I remember the last time the warm breeze poured from across the waters, up the concrete steps, and over the grass. It span wildly in the air as it caught wind and brushed past my face. I couldn’t help but smile, despite what was going through my mind. How ironic that sounds right now. As a child I took an early appreciation of the trees and grass, of life in general.
. . but nothing like I did at that reawakened moment. It was all new again, and all more wonderful than it had ever been before. To state it quite bluntly, seeing as there’s no point in keeping you from understanding what’s going on: I was dying. My body was fighting a pointless war against an enemy that could never be killed nor held at bay, and I knew it.Order now
Every moment went by all too quickly, my mind replaying my short life before my eyes as I sat on the steps of my beach house, over looking white sands under a spectacularly beautiful blue sky. It was quite extraordinary. Not that it hadn’t ever been a blue cloudless day before, but that it was one of my last. When I bought this house my reasons to choose it amongst any other specifically mainly revolved around the scenery. So, of course, I spent a good amount of time watching the sun set, the sunrise, and the breezy gorgeous days in between. This was different; this was a truly perfect day.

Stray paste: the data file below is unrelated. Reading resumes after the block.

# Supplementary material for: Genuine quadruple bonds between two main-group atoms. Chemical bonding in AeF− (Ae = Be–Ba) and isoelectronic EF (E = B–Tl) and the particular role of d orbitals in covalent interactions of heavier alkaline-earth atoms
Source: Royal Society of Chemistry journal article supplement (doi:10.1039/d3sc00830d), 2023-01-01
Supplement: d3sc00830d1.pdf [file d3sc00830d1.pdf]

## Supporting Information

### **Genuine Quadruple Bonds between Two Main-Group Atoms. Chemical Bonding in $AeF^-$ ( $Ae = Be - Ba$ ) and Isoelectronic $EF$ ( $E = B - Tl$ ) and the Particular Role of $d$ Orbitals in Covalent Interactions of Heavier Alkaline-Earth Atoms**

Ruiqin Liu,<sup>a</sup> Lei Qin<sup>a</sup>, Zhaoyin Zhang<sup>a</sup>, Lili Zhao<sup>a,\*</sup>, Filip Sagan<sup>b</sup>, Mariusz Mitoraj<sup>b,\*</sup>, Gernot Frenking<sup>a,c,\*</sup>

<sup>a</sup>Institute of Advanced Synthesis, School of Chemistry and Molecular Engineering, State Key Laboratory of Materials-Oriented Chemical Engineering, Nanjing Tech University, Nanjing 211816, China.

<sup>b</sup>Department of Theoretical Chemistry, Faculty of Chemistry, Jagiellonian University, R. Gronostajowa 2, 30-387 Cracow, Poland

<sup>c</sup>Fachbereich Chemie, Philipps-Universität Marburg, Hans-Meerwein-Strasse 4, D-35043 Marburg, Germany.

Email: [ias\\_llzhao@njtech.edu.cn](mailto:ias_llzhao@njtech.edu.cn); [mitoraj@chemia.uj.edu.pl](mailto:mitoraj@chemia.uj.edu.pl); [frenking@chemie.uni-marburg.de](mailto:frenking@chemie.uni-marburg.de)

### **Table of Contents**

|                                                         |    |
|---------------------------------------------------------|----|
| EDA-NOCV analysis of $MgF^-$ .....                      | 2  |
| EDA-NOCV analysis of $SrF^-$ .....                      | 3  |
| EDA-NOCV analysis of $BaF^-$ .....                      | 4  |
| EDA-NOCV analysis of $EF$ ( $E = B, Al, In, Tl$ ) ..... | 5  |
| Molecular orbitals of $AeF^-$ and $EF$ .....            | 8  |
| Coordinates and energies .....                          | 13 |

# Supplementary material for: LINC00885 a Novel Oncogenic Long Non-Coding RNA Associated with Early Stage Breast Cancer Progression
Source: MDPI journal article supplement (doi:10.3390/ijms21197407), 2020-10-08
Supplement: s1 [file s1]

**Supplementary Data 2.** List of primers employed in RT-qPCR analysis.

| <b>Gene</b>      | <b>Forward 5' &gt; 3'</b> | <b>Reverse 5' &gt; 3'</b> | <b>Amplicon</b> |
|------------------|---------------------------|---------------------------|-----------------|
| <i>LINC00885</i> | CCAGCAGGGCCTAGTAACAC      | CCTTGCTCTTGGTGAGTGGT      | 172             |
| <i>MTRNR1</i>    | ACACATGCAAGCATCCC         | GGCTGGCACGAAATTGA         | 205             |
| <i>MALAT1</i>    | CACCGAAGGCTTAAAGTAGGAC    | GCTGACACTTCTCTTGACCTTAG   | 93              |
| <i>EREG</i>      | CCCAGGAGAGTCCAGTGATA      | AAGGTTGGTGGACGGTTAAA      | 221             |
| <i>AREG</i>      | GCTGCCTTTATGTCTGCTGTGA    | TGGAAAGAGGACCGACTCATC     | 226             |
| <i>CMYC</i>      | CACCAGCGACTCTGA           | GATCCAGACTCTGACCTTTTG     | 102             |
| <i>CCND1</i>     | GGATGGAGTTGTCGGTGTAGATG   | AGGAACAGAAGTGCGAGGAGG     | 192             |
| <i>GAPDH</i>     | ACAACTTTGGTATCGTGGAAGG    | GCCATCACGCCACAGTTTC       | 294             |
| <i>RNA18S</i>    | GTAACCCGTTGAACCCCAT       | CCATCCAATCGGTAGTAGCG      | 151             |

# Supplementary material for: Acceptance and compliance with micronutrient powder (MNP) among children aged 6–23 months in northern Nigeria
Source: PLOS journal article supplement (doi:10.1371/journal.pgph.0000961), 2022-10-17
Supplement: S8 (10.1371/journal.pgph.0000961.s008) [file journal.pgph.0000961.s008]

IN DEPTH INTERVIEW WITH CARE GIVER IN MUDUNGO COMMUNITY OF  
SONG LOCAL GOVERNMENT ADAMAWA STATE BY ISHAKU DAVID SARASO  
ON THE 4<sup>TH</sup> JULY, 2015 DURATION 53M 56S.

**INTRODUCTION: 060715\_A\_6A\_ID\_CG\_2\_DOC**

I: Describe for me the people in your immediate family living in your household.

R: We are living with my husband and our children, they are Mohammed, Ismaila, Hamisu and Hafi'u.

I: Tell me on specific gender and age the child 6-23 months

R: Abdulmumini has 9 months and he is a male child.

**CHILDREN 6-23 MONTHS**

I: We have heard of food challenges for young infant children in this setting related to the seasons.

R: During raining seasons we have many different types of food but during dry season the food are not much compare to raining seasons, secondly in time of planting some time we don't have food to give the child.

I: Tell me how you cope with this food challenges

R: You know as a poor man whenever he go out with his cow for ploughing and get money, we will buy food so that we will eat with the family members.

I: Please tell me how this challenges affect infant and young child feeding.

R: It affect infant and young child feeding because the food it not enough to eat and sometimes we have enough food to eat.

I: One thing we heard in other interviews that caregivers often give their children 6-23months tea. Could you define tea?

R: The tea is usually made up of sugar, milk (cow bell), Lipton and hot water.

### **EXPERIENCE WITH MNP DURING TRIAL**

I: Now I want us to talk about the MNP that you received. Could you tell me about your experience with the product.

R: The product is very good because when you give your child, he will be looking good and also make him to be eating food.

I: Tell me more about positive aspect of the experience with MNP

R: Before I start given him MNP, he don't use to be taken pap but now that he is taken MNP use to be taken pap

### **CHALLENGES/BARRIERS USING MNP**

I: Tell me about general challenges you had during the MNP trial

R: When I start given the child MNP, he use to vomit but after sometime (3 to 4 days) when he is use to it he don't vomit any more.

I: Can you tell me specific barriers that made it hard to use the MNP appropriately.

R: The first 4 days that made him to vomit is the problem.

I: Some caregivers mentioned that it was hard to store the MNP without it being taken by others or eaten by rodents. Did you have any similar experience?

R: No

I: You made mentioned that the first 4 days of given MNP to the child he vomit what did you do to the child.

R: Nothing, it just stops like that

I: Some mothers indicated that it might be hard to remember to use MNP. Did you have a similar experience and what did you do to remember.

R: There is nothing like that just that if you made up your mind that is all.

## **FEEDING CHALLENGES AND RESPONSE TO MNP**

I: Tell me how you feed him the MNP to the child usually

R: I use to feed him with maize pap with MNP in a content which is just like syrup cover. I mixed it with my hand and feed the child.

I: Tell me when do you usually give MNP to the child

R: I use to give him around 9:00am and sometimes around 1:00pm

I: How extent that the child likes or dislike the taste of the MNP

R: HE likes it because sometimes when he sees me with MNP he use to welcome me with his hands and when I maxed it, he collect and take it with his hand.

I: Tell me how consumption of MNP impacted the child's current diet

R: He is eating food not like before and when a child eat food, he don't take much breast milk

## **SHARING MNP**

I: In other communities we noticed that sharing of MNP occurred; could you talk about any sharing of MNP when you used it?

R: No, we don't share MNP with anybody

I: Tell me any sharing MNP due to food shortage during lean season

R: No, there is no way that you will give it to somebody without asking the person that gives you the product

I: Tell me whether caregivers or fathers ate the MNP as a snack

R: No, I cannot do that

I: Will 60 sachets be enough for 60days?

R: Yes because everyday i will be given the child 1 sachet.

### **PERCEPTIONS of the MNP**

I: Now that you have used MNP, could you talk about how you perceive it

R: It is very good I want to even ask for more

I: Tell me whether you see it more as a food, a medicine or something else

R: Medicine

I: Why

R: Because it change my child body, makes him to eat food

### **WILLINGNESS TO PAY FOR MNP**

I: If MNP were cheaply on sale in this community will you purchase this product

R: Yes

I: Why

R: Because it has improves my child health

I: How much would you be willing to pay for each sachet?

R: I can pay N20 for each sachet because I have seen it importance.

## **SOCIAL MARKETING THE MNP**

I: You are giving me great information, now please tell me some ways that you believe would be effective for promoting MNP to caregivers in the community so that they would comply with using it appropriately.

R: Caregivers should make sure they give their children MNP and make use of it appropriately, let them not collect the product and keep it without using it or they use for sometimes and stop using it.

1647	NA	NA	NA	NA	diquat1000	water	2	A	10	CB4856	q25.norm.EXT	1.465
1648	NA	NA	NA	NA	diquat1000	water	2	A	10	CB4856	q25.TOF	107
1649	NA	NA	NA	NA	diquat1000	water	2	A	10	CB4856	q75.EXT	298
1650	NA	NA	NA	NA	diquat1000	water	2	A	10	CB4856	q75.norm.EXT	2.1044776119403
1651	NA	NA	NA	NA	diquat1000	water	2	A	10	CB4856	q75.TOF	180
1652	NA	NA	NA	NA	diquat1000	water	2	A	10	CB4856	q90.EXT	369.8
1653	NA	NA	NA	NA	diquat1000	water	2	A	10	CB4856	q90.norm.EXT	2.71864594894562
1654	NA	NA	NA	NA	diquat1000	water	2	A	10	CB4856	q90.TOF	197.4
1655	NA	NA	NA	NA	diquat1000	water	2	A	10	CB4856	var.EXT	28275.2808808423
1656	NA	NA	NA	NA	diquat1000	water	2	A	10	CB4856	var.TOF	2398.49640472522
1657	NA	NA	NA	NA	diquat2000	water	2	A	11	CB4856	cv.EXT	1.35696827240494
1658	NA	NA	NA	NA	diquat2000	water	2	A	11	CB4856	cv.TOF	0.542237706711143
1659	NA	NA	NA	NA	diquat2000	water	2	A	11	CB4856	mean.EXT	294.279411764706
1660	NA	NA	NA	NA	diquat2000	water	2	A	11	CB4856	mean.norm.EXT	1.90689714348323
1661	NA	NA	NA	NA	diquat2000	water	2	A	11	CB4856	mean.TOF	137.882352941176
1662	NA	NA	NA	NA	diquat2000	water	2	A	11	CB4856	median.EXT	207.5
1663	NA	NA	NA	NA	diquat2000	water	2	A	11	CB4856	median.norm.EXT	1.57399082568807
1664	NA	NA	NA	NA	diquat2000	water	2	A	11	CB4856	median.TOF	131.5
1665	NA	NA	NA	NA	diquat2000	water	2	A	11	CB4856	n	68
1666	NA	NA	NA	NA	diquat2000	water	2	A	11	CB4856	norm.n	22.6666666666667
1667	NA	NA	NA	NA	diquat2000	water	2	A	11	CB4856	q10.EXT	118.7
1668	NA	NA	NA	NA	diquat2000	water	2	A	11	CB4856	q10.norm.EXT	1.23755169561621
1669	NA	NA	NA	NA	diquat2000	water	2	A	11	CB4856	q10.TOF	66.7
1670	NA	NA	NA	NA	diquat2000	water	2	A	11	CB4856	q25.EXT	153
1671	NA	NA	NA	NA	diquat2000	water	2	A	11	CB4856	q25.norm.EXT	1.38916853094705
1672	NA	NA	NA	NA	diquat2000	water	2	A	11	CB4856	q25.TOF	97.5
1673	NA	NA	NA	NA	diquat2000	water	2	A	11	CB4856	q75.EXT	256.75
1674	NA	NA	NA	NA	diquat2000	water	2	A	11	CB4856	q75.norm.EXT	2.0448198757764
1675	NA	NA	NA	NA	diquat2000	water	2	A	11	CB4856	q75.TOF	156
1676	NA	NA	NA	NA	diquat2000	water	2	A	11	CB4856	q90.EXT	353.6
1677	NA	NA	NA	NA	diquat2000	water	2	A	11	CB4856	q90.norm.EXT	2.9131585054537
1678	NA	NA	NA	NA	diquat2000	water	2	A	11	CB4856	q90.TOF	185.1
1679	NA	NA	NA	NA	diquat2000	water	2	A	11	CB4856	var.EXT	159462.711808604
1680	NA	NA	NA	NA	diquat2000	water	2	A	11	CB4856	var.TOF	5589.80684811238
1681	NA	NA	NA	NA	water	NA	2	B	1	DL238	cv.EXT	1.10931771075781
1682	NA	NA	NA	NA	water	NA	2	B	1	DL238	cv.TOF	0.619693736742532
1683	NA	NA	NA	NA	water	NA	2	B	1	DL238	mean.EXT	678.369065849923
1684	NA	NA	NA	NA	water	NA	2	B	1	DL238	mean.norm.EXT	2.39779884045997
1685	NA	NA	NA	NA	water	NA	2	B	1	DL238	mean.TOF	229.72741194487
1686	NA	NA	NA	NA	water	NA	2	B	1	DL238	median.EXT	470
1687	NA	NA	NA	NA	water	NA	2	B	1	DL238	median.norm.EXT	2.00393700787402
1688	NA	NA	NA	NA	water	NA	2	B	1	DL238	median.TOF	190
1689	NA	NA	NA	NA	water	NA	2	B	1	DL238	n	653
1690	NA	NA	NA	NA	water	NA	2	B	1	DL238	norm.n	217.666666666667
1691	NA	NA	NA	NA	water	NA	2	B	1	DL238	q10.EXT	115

I couldn’t tell where the crystal-blue water ended and that glorious deep blue sky began. They just merged at some unseeable horizon. I remember the view become blurry and hazy as my vision was interrupted by tears. This couldn’t be happening to me, was my thought. Not me – It’s simply not possible.
But it was, and I was unable to do anything about it but wait and see. A disease that apparently no man had ever contracted previously was going to kill me. It was as if some God was insuring my second wish in life would never come true. I would die in my prime. I even remember thinking that I wouldn’t even see the turn of the millennium.
2001. . . sounded like suddenly so far away now, thousands of years distant. It was presently March of 1992. Everything in life became pointless and sacred at the same time.
How I looked upon that world for those last precious days – I didn’t want to leave it, but fighting and crying would do me no good. To be honest, life was always pointless, but with some kind of weird determination we all move forward. It’s call instinct, and it really gets annoying some times. We struggle to live no matter how shoddy of a life we each live. People who live on the street and eat out of trashcans are direct examples of this. I was far from a bum, however.